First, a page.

I once asked forensics specialist and author D.P. Lyle what he thought was at the core of criminal behavior. His answer was that most criminals are, in one way or another, trying to save face. Six novels later, I’m still exploring that concept. What is so compelling that it drives a criminal to take someone’s life? It almost never works, so why do killers still think it might? And how does this violent act affect the families and communities of both the victim and the perpetrator? What are the hidden conflicts that come to the surface after a violent act? I’m not interested in serial killers, but in ordinary people driven to the edge.
In my first Samuel Craddock novel, A Killing at Cotton Hill, I felt sympathy for the guilty party, who was driven by desperation to maintain his standing in his world. He deserved to be caught and punished, but I wanted the reader to have some understanding of the complicated reasons for his actions.
In The Last Death of Jack Harbin, through writing about different kinds of relationships between men—brothers, close friends, and brothers-in-arms—I dealt with weighty issues in addition to murder. One was how we, as a society, treat our veterans. Another was the insularity of religious sects and how jarring it can be for those who isolate themselves to be forced to interact with the outside world.
Dead Broke in Jarrett Creek was inspired by stories of small towns going bankrupt after the banking crisis of 2008. I wondered how a town could go bankrupt. People pay taxes. What happened to the money? In the book, the mayor has lost credibility and feels as if he was not responsible for what happened to the town but was blamed anyway. Again, though, there were other themes in play: the demands of marriage, what people will do for love—as well as unrequited love. A Deadly Affair at Bobtail Ridge is a dark book about people who appear successful on the surface, but are full of fear and shame underneath.
Writers should entertain their readers, so there is humor in my books—scenes in which characters act foolishly or make funny observations. But as I look back on six novels, I realize that I am a serious writer. Yes, I write crime novels, but often the crime is less important to me than the situation surrounding it.
When I was writing The Necessary Murder of Nonie Blake, I kept going back to descriptions of the brooding atmosphere: a gothic house surrounded by barren land, sultry hot weather, and a weedy, snake-infested pond that was prime mosquito-breeding territory. The atmosphere was a metaphor for the barren, gothic family whose daughter was murdered. The setting echoed the twisted, murky depths of a family that turned its back on the outside world to protect themselves.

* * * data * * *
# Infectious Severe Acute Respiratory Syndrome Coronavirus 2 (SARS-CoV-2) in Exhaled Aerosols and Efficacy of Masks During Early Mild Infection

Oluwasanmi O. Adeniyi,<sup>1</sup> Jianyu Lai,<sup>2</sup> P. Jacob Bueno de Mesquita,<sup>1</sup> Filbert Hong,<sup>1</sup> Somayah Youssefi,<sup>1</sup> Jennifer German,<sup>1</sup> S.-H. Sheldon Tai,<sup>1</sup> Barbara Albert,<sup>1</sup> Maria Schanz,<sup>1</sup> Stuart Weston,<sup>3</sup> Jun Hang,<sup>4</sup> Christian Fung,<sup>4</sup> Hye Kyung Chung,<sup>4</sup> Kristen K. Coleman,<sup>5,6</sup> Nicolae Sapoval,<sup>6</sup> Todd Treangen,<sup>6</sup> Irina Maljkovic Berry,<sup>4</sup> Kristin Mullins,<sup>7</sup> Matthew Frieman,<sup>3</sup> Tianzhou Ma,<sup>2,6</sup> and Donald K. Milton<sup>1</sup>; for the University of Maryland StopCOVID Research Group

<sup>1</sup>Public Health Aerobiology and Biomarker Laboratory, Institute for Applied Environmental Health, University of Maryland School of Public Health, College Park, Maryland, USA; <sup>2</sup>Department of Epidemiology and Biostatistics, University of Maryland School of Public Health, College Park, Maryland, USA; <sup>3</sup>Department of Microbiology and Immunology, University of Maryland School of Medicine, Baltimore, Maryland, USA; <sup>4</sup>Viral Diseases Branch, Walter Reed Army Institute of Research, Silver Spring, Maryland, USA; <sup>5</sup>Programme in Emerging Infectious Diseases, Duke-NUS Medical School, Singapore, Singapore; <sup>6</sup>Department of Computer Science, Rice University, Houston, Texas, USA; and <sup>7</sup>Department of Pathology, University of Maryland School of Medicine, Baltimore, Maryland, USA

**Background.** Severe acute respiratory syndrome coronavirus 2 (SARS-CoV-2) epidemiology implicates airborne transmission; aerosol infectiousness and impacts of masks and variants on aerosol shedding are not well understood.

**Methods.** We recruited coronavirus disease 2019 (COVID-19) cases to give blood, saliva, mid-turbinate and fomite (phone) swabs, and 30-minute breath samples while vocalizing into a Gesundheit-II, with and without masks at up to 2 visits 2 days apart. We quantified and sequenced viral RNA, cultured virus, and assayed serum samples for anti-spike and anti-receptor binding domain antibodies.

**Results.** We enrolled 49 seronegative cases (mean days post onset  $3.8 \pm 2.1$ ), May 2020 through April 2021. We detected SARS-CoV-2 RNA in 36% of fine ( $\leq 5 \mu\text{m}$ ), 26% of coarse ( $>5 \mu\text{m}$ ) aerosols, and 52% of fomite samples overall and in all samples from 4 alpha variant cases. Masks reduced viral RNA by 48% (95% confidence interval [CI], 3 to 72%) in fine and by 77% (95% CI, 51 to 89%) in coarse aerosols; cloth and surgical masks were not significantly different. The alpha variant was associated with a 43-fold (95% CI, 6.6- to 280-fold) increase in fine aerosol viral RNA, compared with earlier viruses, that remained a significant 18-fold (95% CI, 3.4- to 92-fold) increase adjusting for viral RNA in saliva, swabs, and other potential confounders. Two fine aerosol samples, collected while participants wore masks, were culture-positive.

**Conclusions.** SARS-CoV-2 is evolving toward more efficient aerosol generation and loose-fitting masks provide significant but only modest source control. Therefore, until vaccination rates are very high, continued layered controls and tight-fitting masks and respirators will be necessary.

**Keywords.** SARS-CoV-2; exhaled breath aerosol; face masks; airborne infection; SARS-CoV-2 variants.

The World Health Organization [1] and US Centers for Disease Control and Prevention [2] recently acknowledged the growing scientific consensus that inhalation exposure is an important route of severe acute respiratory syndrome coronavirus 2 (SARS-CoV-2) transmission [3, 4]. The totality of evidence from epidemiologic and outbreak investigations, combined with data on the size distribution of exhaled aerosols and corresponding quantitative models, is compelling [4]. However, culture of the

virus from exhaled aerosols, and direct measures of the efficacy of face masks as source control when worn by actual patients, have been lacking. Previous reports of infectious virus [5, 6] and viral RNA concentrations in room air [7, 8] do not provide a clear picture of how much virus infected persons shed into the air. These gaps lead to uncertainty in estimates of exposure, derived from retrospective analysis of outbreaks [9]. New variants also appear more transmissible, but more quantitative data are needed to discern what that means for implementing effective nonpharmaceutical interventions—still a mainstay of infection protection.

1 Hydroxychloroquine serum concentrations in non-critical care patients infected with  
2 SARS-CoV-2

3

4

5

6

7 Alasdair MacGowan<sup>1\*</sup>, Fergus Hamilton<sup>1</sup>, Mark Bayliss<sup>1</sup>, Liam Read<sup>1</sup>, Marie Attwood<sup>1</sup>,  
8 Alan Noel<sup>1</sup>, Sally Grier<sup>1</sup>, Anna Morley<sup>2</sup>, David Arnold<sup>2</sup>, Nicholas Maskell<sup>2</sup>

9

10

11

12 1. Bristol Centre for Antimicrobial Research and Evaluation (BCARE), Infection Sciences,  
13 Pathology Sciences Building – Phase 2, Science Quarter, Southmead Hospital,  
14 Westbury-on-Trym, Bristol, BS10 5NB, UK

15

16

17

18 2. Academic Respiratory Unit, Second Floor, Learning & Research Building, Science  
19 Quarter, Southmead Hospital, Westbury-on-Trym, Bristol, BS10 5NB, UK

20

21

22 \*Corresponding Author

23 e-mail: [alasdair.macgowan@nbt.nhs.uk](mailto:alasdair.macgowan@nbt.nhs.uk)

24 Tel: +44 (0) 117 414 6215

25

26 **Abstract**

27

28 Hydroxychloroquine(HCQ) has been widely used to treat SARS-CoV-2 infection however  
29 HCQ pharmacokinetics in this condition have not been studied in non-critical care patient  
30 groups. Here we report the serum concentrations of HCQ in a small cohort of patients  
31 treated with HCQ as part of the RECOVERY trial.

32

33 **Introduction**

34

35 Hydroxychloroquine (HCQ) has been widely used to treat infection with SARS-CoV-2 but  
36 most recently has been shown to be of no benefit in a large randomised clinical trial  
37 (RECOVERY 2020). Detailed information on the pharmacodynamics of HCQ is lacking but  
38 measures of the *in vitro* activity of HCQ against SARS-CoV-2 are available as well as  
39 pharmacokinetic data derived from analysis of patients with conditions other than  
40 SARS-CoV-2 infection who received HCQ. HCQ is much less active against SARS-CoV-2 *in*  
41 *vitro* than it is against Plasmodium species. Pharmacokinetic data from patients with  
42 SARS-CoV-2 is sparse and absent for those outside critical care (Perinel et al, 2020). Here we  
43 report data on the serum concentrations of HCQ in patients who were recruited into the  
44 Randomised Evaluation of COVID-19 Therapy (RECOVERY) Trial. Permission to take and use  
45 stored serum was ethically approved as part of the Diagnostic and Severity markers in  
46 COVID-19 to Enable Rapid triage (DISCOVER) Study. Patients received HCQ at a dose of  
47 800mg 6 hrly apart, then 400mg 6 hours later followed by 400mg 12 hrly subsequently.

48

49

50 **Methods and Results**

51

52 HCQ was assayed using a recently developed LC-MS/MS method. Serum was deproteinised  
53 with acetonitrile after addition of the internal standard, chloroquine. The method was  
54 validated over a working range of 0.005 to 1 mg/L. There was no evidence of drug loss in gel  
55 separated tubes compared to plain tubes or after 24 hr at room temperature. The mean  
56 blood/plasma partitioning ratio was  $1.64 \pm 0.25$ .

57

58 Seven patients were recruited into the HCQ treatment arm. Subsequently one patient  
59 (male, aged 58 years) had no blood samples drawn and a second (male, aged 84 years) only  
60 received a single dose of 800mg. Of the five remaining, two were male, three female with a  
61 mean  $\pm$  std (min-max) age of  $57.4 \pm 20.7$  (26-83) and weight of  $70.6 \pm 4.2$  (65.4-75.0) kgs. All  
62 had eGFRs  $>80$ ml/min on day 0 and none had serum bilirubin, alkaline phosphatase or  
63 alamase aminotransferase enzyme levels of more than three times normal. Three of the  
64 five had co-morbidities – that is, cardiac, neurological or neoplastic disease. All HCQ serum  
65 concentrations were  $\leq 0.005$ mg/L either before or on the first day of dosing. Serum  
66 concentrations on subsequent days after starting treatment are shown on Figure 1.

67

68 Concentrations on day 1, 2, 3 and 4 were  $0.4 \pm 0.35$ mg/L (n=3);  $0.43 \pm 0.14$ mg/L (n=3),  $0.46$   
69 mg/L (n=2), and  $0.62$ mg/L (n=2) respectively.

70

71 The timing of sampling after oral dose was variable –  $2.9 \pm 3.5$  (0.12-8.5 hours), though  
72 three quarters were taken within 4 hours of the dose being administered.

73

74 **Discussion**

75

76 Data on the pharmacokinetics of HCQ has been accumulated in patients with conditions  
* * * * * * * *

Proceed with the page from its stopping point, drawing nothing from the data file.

Which brings me to my latest novel, An Unsettling Crime for Samuel Craddock—a prequel set in the early 1980s, when Craddock is a newly hired chief of police. It’s a book I had been planning to write for a couple of years to fill in Samuel Craddock’s background. I based the book on the story of a real-life murder that happened in the town that Jarrett Creek, Texas is modeled after. My idea was to have Samuel Craddock confronted with racism and drug-related crimes creeping into the small town of Jarrett Creek. I wanted to show the choices he had to make. Would he go along with casual community bigotry? Would he shy away from tackling a big crime that was not really in his job description?
In order to avoid making the story too similar to the historical one, I looked up the real-life crime. To my surprise, the man convicted of the crime back in the 90s had just been exonerated by the Innocence Project. It brought home the serious nature of the book I was planning to write. In the end, I wove police corruption and hints of police brutality into the tale of how Craddock settled into his job. I was thrilled when Publishers Weekly gave the book a starred review, with the comment, “…a timely story with resonance in the era of Black Lives Matter.” It’s satisfying to be taken seriously.
Crime fiction is a perfect vehicle for exploring serious subjects, if for no other reason than the seriousness inherent in crime itself. But truly, at the heart of every good novel there is a mystery—secrets of the heart, secrets that spring from bad decisions or bad intentions, secrets of political, social, or personal nature that affect everyone around them. In that way, John LeCarre’s novels equate with Jane Austen’s, Louse Penny’s with Don DeLillo’s. Readers read to find out the mystery of why humans are driven to behave the way they do. The best crime fiction doesn’t simply ask whodunit, but why as well.
To learn more or order a copy, visit:
Terry Shames is the Macavity Award-winning author of the Samuel Craddock mysteries A Killing at Cotton Hill, The Last Death of Jack Harbin, Dead Broke in Jarrett Creek, A Deadly Affair at Bobtail Ridge, and The Necessary Murder of Nonie Blake. She is the coeditor of Fire in the Hills, a book of stories, poems, and photographs about the 1991 Oakland Hills Fire. She grew up in Texas and continues to be fascinated by the convoluted loyalties and betrayals of the small town where her grandfather was the mayor. Terry is a member of the Mystery Writers of America and Sisters in Crime.